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Comments on “Sony Once Again Ridiculously Warns The Media Not To Report On Leaked Emails”

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27 Comments
That One Guy (profile) says:

In related news...

The copyright owner for the movie ‘The Wizard of Oz’ has threatened to file a lawsuit against Sony, as they claim to own the copyright of the idea of yelling at people and telling them to stop looking behind the curtain.

When asked to comment on the potential lawsuit, a Sony representative merely issued vague legal threats against the reporter, telling them that if they kept reporting on Sony’s business matters, or anything related to the company, ‘dire consequences will follow’.

Violynne (profile) says:

I tried to view the file.

I downloaded it. Moments later, I started noticing my internet traffic was increasing as a rootkit was sending information to Sony regarding files I had on my own computer.

When I tried to open it, I was greeted by an FBI warning message, which I quickly ignored.

Once the warning was over, I had to spend 15 minutes watching previews of other leaked emails I had no interest in.

Finally, once the file loaded, a message came up stating the device I was using wasn’t authorized to view the document. To bypass this restriction, I could pay Sony a fee of $14.99, which allows me a 24 hour access to the file.

I declined.

Being frustrated, I decided to torrent the DRM-free file, opened it in a PDF view, then hysterically laughed my ass off at the irony of a company, once again, having no understanding of how to treat people like people.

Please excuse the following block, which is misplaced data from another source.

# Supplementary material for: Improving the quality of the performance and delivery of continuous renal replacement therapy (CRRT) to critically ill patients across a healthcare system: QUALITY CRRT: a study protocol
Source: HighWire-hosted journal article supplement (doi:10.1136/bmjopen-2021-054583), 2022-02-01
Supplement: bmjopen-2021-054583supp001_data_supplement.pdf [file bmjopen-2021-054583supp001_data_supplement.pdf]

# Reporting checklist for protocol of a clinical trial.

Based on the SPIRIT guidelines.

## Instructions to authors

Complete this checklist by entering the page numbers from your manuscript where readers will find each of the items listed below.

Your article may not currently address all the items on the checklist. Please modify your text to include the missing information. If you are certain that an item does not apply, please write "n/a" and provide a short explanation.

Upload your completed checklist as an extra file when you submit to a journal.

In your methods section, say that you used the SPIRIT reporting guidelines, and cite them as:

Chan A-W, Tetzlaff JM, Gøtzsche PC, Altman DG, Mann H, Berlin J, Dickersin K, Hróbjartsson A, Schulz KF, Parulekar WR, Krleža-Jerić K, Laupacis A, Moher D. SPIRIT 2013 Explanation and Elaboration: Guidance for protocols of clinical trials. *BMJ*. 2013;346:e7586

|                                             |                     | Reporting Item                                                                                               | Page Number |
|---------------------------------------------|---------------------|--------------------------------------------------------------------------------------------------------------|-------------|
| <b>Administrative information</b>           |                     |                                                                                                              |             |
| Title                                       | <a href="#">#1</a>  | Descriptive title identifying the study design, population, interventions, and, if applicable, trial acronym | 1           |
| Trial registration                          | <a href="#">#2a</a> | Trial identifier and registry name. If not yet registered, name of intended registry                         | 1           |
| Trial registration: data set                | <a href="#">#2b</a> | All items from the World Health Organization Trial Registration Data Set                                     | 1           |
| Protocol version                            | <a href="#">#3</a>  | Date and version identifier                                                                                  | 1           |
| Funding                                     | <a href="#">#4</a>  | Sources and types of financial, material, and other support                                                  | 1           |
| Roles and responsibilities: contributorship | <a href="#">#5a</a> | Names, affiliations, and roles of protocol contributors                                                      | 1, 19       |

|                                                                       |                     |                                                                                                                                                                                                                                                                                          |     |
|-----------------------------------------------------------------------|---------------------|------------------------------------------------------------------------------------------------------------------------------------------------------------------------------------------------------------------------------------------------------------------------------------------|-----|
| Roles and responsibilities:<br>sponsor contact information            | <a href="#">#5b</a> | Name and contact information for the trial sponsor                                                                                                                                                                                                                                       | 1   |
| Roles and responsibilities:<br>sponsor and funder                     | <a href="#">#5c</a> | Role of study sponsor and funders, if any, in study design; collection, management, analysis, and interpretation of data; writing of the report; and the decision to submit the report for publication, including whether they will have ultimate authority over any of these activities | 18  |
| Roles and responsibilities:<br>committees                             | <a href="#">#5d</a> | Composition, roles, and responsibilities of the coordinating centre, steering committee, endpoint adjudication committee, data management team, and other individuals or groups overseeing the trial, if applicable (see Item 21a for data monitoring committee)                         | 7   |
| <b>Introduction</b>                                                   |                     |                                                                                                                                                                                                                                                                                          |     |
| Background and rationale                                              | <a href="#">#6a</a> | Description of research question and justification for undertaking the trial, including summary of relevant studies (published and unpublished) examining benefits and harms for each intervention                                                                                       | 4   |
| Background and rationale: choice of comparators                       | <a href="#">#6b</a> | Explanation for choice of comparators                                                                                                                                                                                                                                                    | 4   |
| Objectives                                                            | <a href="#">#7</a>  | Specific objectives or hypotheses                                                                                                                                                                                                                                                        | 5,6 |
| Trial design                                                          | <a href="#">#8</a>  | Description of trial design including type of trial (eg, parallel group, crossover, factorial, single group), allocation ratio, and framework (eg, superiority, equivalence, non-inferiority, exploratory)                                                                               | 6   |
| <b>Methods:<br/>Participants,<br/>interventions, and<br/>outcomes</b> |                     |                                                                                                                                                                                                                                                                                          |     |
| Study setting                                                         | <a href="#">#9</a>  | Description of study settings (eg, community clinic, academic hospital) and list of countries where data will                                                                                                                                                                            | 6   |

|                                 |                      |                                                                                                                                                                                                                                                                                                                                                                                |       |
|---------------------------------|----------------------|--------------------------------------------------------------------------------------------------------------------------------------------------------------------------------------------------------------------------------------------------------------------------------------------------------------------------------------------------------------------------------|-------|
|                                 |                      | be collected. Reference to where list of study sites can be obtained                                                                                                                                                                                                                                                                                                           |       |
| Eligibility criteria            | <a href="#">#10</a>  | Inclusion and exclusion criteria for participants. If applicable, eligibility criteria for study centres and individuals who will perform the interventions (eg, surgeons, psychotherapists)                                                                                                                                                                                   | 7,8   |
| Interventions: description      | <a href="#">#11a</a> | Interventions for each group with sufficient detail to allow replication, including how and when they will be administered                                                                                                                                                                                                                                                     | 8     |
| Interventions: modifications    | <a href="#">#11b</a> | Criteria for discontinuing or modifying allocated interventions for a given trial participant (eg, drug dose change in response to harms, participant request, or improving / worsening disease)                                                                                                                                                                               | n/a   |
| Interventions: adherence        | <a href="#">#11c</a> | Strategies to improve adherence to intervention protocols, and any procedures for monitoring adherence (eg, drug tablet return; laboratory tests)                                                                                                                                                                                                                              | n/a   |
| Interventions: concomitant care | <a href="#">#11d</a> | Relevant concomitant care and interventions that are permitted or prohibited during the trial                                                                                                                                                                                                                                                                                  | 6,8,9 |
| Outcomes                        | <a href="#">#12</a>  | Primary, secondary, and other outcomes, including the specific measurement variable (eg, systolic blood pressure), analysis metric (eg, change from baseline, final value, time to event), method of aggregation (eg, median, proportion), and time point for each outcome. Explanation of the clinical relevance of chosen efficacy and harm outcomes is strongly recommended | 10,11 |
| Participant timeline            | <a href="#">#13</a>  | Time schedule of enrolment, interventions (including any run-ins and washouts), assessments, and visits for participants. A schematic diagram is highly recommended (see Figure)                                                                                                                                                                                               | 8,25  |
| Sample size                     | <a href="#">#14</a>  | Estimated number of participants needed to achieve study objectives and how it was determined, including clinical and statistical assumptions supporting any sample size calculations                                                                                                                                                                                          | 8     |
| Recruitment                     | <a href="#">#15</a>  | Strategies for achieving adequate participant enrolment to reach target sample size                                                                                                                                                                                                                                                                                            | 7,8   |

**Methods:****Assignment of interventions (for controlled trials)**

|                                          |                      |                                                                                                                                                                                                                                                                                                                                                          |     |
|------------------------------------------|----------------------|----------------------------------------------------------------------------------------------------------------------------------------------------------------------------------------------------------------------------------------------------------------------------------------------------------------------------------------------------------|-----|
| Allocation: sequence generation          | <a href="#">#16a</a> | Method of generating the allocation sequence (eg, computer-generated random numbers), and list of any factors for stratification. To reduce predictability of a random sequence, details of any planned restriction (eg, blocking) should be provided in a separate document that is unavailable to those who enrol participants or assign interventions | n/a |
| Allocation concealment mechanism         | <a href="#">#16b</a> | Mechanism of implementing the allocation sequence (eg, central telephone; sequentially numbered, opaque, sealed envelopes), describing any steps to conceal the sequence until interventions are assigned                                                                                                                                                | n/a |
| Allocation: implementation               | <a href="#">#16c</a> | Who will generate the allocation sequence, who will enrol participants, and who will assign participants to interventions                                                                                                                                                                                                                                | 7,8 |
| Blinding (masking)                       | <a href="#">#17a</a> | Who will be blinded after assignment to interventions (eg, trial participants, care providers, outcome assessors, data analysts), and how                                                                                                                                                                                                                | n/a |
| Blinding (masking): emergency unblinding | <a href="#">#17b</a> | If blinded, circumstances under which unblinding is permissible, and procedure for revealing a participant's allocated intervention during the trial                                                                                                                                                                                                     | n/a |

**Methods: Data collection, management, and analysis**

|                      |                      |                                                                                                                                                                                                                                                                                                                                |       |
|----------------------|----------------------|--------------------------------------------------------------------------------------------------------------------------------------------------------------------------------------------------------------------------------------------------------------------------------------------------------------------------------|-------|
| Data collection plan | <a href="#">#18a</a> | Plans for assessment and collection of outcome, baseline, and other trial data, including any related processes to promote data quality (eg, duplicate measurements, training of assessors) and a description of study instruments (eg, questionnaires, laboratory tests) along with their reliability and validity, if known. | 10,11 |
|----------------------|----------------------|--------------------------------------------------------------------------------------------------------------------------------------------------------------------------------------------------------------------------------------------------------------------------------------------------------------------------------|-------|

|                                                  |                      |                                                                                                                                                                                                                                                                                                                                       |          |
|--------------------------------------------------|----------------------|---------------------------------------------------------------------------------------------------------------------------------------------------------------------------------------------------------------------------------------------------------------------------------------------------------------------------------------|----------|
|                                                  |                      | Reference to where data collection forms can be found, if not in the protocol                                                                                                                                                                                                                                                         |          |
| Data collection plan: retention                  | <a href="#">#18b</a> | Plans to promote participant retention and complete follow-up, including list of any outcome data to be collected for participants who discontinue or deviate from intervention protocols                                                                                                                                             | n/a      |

Go to hell, Sony.

Gwiz (profile) says:

Not only would Boies’ argument fail because of Bartnicki v. Vopper, 532 U.S. 514 (2001) which mirrors this case pretty closely, it wouldn’t even stand up to the Exclusionary Rule for evidence in a criminal case against Sony if something was found in the emails to incriminate them. Evidence obtained illegally by an unrelated third-party is admissible in court.

tqk (profile) says:

In a related note, ...

Chelsea Manning and the Deepwater Horizon Killings

Eleven deaths and an environmental disaster could have been prevented if a known problem hadn’t been covered up by the US State Dept. Thanks Hillary.

Sony’s (repeated) abysmal security caused their problem, just as the military’s abysmal security caused theirs, and it should be entirely on them to deal with the repercussions of it; all of it! Blaming reporters for reporting facts is vile and nonsensical behaviour, assuming we still live in a democracy controlled by the citizenry.

Yes, I know I'm commenting anonymously says:

Actually, Sony seems to be adhering to the law (in this case). There is no threat of legal action and just a claim that some information may possibly be illegal to posses. In this letter, Sony is just requesting people to not do anything with the documents. Voicing this request is perfectly legal, protected speech by the first amendment.

Whatever else Sony is doing wrong (And I agree there is quite a list), this letter rates as a rather sweet legal request.

John Fenderson (profile) says:

Re: Re:

I agree with your analysis, although possessing this data is not illegal, so they’re stretching there.

“This letter rates as a rather sweet legal request.”

Sweet? No, its’ not. Sweet would be a cordial, less formal request. Although this isn’t a nastygram as far as legal department output goes, it’s certainly not sweet.